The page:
Three new utility-scale solar projects will be installed by SunEdison in southern Utah with a capacity of 210 MW, which could be enough to power about 36,000 homes. All together, SunEdison has about 570 MW of solar energy under development there. It already operates 306 MW of wind power in the state.
The extra 210 MW for SunEdison represents an enormous surge in solar power for
Utah. According to SEIA, this southwest state only has about 18 MW currently. That capacity puts it slightly below average among U.S. states for solar power. When the new solar projects are installed, Utah will rapidly ascend the rankings.
The state’s population is about 2.9 million, and it has a strong solar potential, so it shouldn’t be that difficult to move towards energy independence. On one of its websites, the state of Utah wrote that there is a theoretical potential of 826 GW for solar power locally. That figure is only for utility-scale solar.
If we use the figures associated with the SunEdison’s projects, 210 MW of utility-scale solar could power about 36,000 homes, with adequate sunshine. So one gigawatt could power roughly 180,000 homes under the same conditions. Even with 100 GW of solar power, that could be enough for 1.8 million homes, or perhaps the entire state of Utah. Again, that is only for utility-scale solar. So, is it possible theoretically to provide electricity for every resident of Utah with solar power? It appears so, and to make the electricity more consistently available, there is the emerging energy storage industry.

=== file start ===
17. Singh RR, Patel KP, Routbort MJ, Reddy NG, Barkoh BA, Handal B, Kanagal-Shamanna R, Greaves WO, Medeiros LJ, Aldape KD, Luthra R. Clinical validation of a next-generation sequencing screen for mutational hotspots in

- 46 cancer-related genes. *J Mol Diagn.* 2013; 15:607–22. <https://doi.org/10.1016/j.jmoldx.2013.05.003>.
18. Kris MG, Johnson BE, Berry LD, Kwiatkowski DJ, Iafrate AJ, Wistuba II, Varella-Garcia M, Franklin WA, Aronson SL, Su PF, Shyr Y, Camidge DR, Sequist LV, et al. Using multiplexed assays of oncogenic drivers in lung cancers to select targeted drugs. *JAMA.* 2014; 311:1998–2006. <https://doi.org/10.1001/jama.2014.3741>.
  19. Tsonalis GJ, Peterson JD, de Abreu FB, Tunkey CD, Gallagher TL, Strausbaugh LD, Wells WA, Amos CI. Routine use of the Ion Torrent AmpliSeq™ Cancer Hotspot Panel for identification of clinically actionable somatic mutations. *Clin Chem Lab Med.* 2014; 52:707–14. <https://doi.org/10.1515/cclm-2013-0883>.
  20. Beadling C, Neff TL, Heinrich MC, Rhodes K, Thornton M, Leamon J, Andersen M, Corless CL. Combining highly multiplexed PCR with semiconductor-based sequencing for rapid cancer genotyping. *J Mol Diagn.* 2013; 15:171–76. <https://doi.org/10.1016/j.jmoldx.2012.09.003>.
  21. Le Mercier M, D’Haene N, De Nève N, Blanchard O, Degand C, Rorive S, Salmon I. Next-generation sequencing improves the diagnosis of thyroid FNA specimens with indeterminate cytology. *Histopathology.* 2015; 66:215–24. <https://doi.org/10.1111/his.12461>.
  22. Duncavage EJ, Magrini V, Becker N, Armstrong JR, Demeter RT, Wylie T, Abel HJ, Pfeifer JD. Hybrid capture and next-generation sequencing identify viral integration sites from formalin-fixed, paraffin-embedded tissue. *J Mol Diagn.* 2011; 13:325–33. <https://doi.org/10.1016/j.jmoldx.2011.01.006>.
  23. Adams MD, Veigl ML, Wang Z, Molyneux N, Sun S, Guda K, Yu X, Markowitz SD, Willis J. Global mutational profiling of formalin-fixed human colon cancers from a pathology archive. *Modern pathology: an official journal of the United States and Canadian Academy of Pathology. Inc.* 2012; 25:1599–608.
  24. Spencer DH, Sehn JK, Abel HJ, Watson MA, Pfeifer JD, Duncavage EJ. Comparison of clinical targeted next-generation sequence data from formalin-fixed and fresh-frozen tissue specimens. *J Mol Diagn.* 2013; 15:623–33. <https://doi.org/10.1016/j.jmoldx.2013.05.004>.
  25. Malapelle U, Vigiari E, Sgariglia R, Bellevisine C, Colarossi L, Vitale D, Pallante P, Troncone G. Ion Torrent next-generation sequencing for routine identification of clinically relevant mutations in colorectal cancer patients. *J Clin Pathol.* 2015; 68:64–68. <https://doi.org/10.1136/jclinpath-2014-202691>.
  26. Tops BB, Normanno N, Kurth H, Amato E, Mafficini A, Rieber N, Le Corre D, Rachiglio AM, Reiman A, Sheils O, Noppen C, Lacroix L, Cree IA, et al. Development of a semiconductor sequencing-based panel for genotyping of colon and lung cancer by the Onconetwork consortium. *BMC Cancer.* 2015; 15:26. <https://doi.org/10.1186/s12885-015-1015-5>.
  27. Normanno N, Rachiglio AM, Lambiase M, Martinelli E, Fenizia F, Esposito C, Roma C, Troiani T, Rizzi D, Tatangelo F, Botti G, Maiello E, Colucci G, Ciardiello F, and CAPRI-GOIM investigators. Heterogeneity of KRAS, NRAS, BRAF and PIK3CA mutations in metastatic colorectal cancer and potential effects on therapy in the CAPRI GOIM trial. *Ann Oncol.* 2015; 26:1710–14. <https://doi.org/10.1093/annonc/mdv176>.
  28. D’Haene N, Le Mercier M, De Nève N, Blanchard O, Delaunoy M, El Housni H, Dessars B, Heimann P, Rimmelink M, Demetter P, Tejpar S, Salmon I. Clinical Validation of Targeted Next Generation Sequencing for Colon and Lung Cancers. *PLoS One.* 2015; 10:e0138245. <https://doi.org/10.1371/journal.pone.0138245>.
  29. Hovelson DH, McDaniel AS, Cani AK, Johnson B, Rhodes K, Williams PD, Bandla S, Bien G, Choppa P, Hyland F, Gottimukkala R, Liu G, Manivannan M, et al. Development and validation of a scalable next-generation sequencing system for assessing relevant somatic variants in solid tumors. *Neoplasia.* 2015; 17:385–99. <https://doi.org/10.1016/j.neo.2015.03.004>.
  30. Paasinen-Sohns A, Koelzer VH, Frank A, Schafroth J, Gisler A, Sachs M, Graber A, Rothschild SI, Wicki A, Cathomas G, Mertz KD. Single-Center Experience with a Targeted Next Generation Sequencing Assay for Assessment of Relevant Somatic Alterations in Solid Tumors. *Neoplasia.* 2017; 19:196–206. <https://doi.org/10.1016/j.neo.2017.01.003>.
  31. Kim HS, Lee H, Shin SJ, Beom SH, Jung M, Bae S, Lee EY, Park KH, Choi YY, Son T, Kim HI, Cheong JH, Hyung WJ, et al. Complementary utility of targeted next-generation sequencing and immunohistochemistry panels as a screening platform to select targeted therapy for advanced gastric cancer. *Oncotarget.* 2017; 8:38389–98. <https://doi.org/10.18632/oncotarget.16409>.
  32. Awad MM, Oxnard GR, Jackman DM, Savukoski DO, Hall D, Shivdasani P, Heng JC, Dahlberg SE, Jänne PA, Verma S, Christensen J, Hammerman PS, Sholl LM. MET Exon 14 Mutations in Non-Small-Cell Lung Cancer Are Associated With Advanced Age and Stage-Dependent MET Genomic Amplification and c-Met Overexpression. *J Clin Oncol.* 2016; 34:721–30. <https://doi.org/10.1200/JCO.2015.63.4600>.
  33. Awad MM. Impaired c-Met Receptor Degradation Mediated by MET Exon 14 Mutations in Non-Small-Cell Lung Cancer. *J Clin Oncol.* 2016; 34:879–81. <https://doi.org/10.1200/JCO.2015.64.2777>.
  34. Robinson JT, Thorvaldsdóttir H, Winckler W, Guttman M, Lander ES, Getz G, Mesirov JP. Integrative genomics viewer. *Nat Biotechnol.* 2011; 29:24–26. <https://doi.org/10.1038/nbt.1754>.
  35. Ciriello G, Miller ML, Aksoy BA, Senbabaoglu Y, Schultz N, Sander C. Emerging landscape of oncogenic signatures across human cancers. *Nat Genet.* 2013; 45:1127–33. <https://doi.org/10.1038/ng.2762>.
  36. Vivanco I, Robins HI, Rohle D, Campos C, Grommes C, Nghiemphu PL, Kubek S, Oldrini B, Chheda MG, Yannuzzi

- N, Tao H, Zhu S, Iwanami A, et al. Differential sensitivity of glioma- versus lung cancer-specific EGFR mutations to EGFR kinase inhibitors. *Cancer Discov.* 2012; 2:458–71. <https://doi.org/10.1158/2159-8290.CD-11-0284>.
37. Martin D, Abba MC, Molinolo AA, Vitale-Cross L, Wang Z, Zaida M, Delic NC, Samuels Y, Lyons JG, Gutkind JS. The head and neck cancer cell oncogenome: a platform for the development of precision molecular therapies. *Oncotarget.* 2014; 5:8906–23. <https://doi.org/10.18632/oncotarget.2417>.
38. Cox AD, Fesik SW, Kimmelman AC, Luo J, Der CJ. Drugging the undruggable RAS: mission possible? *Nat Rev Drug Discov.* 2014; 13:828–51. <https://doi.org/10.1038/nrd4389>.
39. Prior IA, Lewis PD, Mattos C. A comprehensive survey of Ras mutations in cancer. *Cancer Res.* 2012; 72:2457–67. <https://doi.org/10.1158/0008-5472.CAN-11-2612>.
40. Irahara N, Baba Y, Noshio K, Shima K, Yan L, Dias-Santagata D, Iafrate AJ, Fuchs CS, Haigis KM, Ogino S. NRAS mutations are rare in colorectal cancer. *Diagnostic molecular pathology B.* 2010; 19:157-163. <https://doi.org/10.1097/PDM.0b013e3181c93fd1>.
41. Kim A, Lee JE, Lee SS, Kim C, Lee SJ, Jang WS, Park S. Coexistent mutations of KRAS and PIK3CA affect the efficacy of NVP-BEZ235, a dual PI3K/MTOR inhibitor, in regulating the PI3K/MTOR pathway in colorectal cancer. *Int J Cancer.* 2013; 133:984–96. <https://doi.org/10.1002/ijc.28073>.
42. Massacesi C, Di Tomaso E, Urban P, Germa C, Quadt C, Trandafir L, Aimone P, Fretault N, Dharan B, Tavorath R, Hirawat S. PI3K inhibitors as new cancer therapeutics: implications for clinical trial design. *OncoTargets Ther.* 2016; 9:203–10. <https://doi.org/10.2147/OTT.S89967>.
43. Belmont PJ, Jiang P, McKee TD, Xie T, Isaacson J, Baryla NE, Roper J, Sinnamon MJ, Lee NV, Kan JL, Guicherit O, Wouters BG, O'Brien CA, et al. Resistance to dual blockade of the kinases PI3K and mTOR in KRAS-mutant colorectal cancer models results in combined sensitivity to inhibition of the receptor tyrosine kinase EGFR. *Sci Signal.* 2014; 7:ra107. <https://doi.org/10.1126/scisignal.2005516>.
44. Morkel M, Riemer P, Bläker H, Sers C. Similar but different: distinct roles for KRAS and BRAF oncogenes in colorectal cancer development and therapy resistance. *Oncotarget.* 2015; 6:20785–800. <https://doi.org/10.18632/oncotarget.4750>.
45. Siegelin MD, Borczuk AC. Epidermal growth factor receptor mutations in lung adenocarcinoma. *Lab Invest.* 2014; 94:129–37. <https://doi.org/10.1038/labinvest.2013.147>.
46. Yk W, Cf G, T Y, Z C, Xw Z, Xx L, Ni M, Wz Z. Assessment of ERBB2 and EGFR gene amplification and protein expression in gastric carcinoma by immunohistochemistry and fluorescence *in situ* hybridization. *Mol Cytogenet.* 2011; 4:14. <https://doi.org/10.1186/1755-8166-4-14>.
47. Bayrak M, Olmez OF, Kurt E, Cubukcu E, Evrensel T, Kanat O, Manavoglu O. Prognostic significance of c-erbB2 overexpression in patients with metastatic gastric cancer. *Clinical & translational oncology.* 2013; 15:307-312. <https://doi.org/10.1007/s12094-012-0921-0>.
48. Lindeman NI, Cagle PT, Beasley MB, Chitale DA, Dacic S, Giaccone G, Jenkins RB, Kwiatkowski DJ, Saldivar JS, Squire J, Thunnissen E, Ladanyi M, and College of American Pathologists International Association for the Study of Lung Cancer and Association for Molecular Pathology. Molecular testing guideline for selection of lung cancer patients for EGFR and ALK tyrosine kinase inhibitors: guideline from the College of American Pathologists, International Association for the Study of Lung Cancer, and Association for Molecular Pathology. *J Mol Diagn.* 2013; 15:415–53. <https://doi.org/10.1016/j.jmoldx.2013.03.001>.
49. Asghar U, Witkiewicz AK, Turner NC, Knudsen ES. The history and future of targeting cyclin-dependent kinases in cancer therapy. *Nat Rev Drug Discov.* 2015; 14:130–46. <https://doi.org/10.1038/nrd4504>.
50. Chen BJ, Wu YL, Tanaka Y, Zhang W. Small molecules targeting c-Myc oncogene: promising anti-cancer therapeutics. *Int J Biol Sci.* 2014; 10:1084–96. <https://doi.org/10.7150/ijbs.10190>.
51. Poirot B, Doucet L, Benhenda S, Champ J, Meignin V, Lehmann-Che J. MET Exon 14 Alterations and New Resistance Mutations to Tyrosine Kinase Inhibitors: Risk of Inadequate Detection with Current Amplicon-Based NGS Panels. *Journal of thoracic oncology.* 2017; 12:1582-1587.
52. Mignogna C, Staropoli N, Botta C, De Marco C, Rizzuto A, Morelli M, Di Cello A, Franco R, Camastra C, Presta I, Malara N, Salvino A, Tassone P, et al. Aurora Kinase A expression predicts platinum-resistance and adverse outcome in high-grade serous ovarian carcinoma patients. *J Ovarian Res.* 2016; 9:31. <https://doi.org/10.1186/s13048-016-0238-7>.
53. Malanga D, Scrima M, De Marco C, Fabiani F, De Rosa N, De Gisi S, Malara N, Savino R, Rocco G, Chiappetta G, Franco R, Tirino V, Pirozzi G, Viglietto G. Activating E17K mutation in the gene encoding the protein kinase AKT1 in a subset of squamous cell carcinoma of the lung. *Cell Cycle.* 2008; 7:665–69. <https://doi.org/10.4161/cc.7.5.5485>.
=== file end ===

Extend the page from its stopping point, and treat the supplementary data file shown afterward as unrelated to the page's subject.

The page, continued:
Will energy independence for Utah happen quickly? Probably not, but 100% renewable energy does seem like the general path that could be forged. Solar power costs have dropped dramatically in the last six years and may decrease significantly more in the next two.
Utah also has a theoretical wind power capacity of over 9,000 MW. Wind power and solar can complement one another for a stable, renewable energy mix.
So, yes, it does appear that Utah could run on 100% renewable energy one day.